Catholic Social Teaching on Indigenous Peoples

Catholic Social Teaching on Indigenous Peoples

Catholic social teaching says that the life and dignity of indigenous peoples should always be protected in the same way that the life and dignity of every human being should be protected. It is deplorable that many people, even those from Catholic institutions have not always respected indigenous lives as sacred or treated indigenous Australians in accordance with their God-given and inalienable dignity.

So whatever you wish that one would do to you, do so to them.

Luke 6:31

When Pope Saint John Paul II addressed the gathering of Aboriginal and Torres Strait Islanders in Alice Springs in 1986, he began with expressing his joy at meeting them and said “how much the Church esteems and loves you, and how much she wishes to assist you in your spiritual and material needs.” However, he also recognised that for the most part, however, until very recently non-Indigenous Australians have been less attentive to the particular needs of Indigenous peoples, who have often been made to feel like unwelcome strangers in their own country.

In his Apostolic Exhortation Ecclesia in Oceania several years later in 2001 John Paul II continued to recognise that the Church had a task to help indigenous cultures preserve their identity and maintain their traditions, in particular the Australian Aborigines whose culture struggling to survive. (para 28)

John Paul II recognised that the relationship of the Church to the Aboriginal peoples and the Torres Strait Islanders remains vital but that it is also difficult because of past and present injustices and cultural differences. (Ecclesia in Oceania, 6) Ecclesia in Oceania also recognised that Churches should more thoroughly study indigenous cultures and communicate the faith in a legitimate way appropriate to indigenous cultures.

In his Address at Alice Springs Pope John Paul II recalled a story of Australian bush life:

If you stay closely united, you are like a tree standing in the middle of a bush-fire sweeping through the timber: the leaves are scorched, the tough bark is scarred and burned, but inside the tree the sap still flows, and under the ground the roots are still strong. Like that tree you have survived the flames, and you have still the power to be born. The time for rebirth is now.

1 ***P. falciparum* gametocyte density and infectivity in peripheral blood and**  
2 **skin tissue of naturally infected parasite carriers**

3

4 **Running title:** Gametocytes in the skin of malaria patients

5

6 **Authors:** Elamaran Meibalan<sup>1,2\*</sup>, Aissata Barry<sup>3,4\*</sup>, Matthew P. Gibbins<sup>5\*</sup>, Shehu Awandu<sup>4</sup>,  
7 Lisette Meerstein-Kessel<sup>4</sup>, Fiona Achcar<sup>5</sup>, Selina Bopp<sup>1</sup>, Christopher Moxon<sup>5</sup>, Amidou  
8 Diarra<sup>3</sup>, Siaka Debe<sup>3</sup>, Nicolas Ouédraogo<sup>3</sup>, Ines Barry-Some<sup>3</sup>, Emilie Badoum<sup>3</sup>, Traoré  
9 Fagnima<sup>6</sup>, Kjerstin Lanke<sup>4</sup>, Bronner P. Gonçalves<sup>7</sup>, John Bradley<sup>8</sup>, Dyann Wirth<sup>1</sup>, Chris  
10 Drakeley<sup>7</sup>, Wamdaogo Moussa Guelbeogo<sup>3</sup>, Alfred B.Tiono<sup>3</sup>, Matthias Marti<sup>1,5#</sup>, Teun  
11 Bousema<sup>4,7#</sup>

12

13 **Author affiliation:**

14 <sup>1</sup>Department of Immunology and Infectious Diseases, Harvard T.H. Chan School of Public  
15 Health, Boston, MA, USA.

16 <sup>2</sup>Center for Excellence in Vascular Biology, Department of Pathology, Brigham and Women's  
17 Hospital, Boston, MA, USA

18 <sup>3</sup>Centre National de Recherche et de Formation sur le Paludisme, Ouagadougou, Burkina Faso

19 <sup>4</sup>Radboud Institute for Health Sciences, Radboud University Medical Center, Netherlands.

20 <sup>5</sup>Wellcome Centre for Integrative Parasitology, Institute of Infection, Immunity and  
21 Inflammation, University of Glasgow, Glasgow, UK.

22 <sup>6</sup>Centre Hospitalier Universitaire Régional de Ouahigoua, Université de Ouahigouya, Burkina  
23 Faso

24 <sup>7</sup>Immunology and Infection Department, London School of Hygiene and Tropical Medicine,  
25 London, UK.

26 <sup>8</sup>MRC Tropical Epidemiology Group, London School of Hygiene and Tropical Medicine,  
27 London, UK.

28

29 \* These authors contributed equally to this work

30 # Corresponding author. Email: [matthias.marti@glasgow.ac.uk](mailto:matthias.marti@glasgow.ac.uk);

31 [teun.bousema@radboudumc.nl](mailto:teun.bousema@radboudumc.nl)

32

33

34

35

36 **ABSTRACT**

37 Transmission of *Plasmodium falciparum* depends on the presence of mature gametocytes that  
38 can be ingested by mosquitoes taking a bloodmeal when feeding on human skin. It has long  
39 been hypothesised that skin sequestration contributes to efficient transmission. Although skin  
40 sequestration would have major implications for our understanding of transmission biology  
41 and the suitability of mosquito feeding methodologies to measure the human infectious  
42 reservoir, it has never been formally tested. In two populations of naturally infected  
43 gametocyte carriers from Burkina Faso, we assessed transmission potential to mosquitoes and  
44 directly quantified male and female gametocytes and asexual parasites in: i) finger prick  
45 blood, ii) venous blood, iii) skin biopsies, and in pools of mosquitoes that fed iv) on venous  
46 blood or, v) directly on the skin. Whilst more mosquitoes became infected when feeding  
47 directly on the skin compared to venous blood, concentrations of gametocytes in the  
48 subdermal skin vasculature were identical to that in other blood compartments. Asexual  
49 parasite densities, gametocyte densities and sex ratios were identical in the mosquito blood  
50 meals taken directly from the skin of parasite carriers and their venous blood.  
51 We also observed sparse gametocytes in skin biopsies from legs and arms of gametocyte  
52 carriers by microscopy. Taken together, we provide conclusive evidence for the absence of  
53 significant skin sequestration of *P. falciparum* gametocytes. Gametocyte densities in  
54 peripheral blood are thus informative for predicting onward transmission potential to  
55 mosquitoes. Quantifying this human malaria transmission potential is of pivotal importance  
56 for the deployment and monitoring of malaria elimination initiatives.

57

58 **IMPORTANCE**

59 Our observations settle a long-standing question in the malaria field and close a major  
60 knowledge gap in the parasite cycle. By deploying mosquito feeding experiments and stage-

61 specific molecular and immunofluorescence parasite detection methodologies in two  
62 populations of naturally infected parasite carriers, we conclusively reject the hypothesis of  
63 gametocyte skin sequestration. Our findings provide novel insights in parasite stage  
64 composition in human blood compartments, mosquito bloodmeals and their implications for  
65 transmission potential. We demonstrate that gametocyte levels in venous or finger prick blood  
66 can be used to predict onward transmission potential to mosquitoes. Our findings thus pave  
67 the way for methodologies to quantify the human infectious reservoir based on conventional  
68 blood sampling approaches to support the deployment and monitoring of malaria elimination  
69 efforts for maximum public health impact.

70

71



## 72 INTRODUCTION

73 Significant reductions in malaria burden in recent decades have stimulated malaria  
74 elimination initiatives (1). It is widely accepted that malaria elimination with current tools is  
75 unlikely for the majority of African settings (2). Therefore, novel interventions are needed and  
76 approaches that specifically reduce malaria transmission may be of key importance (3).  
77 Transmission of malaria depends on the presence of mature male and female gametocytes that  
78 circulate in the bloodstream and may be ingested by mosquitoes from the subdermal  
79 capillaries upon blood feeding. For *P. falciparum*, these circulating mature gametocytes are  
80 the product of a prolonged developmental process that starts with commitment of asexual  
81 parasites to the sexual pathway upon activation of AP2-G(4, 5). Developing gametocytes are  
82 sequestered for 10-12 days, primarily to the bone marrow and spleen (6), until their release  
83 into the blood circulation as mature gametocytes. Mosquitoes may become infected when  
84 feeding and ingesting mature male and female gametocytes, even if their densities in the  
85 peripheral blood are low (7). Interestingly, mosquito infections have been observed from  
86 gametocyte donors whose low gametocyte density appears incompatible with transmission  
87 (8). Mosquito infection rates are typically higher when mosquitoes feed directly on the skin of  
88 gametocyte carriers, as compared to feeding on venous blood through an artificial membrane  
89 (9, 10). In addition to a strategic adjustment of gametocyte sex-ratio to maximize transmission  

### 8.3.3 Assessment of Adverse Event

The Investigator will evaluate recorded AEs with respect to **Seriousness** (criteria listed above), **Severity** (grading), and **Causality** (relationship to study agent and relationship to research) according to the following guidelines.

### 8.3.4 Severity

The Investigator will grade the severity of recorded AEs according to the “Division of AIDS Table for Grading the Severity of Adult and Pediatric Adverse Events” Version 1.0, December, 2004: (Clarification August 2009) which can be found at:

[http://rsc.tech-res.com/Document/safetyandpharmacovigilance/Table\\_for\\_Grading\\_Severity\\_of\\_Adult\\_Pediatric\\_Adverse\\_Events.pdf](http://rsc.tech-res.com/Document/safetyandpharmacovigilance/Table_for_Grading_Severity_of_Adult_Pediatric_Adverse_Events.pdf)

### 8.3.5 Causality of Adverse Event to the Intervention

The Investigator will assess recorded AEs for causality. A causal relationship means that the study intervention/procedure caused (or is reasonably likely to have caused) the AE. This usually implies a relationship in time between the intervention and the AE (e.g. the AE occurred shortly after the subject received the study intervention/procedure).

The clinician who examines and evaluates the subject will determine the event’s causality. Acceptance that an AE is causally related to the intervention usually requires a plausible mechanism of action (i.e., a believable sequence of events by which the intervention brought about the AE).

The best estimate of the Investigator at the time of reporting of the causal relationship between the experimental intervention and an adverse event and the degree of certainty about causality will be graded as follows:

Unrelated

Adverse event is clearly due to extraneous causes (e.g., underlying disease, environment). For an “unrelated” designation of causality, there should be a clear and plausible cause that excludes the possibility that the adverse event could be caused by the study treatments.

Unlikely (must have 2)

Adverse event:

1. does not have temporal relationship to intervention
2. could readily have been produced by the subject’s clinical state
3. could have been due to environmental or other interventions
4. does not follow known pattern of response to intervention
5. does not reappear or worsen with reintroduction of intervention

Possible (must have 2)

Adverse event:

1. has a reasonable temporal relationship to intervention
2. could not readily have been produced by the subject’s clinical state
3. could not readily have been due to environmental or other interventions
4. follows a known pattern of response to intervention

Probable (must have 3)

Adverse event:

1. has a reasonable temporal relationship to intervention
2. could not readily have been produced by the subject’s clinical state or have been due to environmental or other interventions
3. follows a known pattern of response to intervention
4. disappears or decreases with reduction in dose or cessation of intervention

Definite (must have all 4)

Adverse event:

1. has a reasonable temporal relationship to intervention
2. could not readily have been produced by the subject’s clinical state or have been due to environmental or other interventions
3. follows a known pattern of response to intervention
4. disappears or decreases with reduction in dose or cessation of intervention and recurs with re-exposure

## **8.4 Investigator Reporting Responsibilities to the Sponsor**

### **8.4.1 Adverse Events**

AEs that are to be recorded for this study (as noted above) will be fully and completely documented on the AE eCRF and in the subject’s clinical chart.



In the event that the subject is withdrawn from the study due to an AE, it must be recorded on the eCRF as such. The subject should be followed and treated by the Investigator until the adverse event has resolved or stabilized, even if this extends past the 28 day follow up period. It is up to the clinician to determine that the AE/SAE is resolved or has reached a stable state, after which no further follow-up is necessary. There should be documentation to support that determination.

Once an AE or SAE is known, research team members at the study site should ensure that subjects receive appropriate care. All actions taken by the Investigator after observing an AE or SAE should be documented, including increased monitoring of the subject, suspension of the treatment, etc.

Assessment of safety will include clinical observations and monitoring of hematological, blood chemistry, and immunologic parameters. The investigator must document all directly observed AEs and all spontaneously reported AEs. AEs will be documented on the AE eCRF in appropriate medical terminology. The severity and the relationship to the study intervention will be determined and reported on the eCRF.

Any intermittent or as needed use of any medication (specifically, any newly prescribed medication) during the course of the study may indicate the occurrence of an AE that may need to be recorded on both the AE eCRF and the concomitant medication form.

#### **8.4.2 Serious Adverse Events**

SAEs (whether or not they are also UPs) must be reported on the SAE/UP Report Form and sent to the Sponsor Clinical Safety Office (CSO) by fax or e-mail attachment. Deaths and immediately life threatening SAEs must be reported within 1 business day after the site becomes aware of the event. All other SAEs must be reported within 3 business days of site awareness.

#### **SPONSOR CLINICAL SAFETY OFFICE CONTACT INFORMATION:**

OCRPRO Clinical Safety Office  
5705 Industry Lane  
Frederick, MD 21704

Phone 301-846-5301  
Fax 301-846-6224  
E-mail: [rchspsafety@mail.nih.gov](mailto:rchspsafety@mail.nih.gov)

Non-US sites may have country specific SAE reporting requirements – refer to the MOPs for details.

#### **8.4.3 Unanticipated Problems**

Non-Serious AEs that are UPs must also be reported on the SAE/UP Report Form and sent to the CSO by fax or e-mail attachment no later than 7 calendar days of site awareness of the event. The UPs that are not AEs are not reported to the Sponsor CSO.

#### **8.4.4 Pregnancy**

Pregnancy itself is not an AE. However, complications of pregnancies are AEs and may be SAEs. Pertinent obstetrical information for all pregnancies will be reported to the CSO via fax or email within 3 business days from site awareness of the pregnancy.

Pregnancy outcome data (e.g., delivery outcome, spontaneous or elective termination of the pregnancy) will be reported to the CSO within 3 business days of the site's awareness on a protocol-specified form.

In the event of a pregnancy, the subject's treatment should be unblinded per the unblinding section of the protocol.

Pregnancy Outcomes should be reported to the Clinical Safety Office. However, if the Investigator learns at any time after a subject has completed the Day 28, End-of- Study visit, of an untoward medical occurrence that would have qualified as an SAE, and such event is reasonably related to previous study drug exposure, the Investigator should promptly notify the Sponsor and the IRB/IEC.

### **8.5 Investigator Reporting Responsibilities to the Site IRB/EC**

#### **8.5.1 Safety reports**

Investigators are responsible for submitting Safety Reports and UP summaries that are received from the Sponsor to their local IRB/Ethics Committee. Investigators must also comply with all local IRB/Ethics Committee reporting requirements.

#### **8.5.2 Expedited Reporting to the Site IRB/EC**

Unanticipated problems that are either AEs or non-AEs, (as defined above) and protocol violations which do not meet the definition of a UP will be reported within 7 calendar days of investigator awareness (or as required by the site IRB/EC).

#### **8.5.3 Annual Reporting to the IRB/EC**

In Ecclesia in Oceania, Pope John Paul II stated that the Church will support the cause of all indigenous peoples who seek a just and equitable recognition of their identity and their rights.

He also acknowledged “Whenever the truth has been suppressed by governments and their agencies or even by Christian communities, the wrongs done to the indigenous peoples need to be honestly acknowledged….The past cannot be undone, but honest recognition of past injustices can lead to measures and attitudes which will help to rectify the damaging effects for both the indigenous community and the wider society. The Church expresses deep regret and asks forgiveness where her children have been or still are party to these wrongs. Aware of the shameful injustices done to indigenous peoples in Oceania, the Synod Fathers apologized unreservedly for the part played in these by members of the Church, especially where children were forcibly separated from their families.”  (Ecclesia in Oceania, 28)

In the Social Justice Statement for 2006 “The Heart of our Country: Dignity and Justice for our Indigenous Brothers and Sisters”, the Australian Bishops once again identified the four areas that Pope Saint John Paul II addressed as continuing issues of concern. They were:

  • for all Australians to ensure the preservation of Indigenous cultures and to keep working for an inclusive multicultural Australia.
  • to seek and explore the points of agreement between Indigenous traditions and those of Jesus and all his people.
  • To learn to care for the fragile environment in the excellent manner that the Indigenous peoples had done so.
  • To recognise and admit past and continuing injustices as the first step towards beginning a reconciliation.

The Australian Bishops have recognised “We as Church need to continue to work with Indigenous people to provide encouragement, support and resources to keep strong those elements of culture and history that they wish to preserve. This will not be a one-way process.”

Deacon Boniface Perdjert, from the Wadeye (formerly Port Keats) community near Darwin, assisted Pope John Paul II during the ceremony of Beatification of Mary MacKillop in Sydney in January 1995. This is how he expressed the vital importance of his culture:

God did not begin to take an interest in people with the incarnation of the Son, nor with Abraham … So we must recognise, we must use the things of God that are in our culture … We are called to love God and each other with whole mind, heart and soul. So we must give ourselves to God as an Aboriginal people. This is what God wants or God would not have made us what we are.

Since 1986, several Aboriginal Catholic ministries or councils in many dioceses throughout Australia have been established, becoming a significant force in this dialogue of cultures. However, there is also recognition that a lot more can be done.

It would worth us revisiting Pope John Paul II’s words in 1986 in Alice Springs: what has been done cannot be undone. But what can now be done to remedy the deeds of yesterday must not be put off till tomorrow.

Then the king will say to those at his right hand ‘Come, O blessed of my Father, inherit the kingdom prepared for you from the foundation of the world; for I was hungry and you gave me drink, I was a stranger and you welcomed me, I was naked and you clothed me, I was sick and you visited me, I was in prison and you came to me….Truly I say to you, as you did to one of the least of these my brethren, you did it to me.

Matthew 6:34-36; 40.